Pre-Charter, in principle the police had limited powers. However, in practical terms it was not possible for a private citizen to object to all police action that fell outside those powers: realistically it was only if the police action were egregious enough to rise to the level of a tort or an offence that there was a mechanism for review. That is, there was a lot of grey area in between the things the police clearly were allowed to do and those they clearly were not allowed to do. The Charter changed that. By making “lawfulness” the standard for deciding whether there was an unreasonable search or an arbitrary detention, the Supreme Court in the ory banished the grey area, making it possible to review any action falling outside the strict limits of police powers. However, experience led to the conclusion that those “strict limits” might in fact be too strict, and so paradoxically the restraint mechanism of the Charter has led in some instances to the expansion of police power. Further, the particular approach taken to expanding police powers amounts to potentially declaring all of the previous grey area to fall within the powers of the police. This paper argues that that is an undesirable strand in Charter jurisprudence, and that it could be avoided by dealing with grey area issues at the remedy stage, as section 24(2) anticipates, rather than at the stage of deciding what powers police have.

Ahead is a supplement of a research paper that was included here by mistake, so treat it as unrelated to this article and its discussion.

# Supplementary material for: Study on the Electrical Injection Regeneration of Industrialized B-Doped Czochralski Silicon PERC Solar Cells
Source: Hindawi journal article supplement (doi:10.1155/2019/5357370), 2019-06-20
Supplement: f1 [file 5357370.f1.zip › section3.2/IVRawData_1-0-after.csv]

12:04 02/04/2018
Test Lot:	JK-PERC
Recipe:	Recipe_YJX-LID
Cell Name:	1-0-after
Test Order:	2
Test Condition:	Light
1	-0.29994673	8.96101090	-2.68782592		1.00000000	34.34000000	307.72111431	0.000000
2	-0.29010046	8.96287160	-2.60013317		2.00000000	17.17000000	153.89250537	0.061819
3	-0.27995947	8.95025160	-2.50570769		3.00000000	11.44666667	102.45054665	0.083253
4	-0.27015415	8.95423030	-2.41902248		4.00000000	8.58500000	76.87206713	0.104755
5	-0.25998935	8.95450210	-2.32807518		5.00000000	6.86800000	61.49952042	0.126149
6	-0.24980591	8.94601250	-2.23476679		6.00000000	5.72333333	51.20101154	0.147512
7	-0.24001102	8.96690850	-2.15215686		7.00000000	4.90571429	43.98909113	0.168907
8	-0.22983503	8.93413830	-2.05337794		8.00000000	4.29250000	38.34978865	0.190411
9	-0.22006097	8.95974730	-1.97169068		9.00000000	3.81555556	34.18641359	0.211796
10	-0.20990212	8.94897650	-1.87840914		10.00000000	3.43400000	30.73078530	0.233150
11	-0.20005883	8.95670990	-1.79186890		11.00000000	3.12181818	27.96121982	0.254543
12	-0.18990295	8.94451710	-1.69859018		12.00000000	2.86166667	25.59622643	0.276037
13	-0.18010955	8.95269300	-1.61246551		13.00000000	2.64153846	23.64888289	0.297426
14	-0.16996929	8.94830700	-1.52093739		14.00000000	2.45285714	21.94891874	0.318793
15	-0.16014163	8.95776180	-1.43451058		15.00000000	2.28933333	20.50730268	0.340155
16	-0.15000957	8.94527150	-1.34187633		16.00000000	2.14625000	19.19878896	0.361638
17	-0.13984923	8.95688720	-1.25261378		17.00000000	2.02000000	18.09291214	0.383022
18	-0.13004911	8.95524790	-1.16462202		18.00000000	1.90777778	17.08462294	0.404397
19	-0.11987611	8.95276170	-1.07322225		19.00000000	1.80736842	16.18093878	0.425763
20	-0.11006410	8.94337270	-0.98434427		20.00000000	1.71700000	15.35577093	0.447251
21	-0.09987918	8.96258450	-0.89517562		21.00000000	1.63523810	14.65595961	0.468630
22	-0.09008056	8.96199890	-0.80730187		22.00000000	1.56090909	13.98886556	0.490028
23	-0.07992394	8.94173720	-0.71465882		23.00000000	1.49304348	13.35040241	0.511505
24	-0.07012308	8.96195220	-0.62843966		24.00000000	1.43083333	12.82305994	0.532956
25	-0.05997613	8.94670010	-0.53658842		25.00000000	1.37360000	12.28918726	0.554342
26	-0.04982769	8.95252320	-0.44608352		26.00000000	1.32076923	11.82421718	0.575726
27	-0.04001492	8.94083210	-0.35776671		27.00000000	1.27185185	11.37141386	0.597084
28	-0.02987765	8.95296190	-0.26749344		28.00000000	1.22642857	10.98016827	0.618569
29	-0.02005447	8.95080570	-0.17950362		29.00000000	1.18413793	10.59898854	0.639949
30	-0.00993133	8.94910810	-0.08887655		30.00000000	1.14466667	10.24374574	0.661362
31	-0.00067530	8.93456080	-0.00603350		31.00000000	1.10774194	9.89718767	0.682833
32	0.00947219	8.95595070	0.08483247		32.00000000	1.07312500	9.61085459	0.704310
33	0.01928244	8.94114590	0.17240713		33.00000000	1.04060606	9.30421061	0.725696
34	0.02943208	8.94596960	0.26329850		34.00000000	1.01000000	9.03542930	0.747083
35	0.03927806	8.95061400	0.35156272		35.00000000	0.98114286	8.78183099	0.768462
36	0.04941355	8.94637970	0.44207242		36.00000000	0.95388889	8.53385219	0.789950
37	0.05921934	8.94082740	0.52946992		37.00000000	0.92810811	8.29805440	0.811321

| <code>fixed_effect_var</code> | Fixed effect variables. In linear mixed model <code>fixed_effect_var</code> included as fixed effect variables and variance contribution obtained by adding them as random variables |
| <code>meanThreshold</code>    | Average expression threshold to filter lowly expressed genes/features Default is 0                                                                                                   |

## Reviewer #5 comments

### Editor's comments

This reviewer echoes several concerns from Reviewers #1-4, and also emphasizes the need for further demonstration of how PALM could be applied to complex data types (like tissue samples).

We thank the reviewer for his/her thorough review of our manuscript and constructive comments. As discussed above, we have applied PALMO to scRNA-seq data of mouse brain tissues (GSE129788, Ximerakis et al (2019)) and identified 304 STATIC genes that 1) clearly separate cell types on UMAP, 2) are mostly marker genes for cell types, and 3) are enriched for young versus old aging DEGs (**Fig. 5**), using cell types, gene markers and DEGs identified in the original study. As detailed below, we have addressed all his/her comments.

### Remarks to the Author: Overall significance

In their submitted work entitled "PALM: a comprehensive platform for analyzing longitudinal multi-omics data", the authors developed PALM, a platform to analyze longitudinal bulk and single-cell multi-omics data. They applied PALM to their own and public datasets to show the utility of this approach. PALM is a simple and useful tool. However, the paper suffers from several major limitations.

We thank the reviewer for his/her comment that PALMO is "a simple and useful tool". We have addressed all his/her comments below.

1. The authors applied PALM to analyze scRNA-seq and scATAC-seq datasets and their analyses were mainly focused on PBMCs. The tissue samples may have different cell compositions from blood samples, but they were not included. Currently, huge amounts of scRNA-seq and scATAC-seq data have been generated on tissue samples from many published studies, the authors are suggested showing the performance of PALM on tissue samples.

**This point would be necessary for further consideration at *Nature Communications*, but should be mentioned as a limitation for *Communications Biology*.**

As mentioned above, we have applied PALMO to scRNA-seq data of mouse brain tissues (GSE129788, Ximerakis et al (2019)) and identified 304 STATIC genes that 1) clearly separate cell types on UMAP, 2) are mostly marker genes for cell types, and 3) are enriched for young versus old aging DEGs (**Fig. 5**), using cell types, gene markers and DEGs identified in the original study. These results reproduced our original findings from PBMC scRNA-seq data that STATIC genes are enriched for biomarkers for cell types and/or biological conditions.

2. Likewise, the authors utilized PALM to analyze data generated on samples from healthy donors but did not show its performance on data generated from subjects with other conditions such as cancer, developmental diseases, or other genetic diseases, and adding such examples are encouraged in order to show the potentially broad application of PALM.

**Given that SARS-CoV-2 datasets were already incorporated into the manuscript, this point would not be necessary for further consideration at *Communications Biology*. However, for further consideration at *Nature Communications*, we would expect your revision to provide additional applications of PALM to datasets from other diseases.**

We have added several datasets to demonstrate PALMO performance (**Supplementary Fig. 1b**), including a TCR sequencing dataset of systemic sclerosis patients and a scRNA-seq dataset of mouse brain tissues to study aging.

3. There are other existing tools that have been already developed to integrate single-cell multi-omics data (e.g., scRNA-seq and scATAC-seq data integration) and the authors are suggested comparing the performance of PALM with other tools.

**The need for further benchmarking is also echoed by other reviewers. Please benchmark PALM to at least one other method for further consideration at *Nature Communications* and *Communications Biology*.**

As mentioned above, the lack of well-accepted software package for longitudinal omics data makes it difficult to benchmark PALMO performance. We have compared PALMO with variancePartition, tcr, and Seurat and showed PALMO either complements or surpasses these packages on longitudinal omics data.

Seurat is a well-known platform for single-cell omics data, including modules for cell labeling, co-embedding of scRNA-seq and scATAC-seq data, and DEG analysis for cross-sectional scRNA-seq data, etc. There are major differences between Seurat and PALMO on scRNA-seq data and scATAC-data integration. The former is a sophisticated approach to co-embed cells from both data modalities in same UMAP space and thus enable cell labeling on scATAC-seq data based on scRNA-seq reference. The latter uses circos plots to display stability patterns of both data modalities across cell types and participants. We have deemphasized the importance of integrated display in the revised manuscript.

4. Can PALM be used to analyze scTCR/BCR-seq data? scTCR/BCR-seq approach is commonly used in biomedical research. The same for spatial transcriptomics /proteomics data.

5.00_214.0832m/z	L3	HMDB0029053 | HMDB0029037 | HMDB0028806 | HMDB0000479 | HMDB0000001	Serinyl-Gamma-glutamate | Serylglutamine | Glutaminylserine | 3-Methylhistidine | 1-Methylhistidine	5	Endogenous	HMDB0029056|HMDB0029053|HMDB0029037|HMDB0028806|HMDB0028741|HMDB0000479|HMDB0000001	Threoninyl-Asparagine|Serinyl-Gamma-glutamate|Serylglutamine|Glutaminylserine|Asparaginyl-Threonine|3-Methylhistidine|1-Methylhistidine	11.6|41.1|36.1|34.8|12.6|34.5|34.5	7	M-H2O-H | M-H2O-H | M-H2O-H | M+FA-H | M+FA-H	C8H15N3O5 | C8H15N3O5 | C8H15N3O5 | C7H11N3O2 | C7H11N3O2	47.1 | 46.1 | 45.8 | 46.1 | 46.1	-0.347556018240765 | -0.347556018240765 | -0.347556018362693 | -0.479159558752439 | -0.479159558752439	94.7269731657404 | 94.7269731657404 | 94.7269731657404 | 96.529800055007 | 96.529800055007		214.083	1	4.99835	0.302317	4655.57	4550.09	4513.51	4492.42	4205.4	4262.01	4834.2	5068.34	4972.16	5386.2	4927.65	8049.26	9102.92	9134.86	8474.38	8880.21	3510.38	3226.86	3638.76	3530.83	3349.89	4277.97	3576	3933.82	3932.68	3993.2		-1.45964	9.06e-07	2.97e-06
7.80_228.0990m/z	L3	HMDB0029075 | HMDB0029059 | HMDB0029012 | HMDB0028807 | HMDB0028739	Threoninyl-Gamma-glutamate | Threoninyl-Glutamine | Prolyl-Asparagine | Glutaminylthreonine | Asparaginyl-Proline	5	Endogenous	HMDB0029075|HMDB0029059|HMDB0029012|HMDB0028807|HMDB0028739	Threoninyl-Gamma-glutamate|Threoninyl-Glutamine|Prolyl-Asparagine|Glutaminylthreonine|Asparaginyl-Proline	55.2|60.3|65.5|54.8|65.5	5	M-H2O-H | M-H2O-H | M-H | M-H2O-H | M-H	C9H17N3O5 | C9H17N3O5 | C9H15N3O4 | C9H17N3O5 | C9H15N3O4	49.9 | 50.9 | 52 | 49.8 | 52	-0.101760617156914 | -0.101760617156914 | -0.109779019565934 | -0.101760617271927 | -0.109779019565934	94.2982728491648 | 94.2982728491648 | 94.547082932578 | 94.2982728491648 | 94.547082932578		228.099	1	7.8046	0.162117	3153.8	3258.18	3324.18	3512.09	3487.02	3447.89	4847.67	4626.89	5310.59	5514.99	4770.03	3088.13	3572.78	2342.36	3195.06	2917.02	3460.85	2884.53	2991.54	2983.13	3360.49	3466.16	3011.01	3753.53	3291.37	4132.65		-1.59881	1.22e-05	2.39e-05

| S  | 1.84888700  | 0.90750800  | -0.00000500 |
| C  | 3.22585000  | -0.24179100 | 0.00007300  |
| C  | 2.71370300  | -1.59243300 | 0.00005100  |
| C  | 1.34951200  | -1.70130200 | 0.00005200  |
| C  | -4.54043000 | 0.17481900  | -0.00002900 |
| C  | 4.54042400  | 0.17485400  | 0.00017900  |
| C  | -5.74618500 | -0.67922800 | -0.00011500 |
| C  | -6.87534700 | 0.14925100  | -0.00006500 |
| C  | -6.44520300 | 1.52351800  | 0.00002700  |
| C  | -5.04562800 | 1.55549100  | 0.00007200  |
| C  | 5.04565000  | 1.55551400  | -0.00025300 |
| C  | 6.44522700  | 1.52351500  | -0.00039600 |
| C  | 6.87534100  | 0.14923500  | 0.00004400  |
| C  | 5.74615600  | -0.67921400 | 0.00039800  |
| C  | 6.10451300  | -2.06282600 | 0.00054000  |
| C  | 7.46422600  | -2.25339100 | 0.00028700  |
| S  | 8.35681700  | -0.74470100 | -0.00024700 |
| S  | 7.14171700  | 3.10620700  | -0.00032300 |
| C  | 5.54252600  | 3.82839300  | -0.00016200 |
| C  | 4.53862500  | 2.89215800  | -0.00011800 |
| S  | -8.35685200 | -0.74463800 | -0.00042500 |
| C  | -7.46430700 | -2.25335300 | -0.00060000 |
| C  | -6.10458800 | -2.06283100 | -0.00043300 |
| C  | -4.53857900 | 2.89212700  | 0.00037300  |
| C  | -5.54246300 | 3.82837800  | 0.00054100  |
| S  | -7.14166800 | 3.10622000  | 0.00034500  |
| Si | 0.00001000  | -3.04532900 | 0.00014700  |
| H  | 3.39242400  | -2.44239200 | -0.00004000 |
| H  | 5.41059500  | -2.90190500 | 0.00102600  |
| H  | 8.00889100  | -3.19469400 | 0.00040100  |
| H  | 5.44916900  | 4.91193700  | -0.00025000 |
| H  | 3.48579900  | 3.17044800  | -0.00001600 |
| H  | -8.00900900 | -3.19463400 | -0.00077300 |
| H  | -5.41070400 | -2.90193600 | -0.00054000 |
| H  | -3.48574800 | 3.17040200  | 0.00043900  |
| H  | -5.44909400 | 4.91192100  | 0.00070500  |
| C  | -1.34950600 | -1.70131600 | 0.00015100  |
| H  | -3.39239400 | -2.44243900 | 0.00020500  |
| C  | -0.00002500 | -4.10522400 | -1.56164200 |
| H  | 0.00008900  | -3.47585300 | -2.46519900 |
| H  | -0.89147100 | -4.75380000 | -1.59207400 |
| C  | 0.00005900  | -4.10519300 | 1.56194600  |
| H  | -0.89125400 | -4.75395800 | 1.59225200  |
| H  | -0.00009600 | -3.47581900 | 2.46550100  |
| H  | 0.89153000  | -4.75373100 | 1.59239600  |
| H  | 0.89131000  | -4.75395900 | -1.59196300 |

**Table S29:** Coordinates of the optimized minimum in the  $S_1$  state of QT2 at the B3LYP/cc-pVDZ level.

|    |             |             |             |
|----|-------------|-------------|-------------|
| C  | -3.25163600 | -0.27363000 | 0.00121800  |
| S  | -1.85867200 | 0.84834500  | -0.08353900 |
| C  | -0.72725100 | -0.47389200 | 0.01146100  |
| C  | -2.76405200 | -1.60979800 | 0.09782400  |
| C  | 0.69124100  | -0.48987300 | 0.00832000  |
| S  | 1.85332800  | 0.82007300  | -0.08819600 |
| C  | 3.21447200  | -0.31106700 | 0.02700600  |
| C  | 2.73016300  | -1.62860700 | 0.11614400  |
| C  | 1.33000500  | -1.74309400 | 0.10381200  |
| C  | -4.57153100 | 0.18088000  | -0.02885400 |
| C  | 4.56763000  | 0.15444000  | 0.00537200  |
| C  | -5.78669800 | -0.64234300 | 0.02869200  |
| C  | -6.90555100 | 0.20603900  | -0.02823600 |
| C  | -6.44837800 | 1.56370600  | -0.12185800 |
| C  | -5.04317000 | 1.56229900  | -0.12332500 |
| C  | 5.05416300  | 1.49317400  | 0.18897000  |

"Charter Protection against Unlawful Police Action: Less Black and White Than It Seems."
The Supreme Court Law Review: Osgoode’s Annual Constitutional Cases Conference
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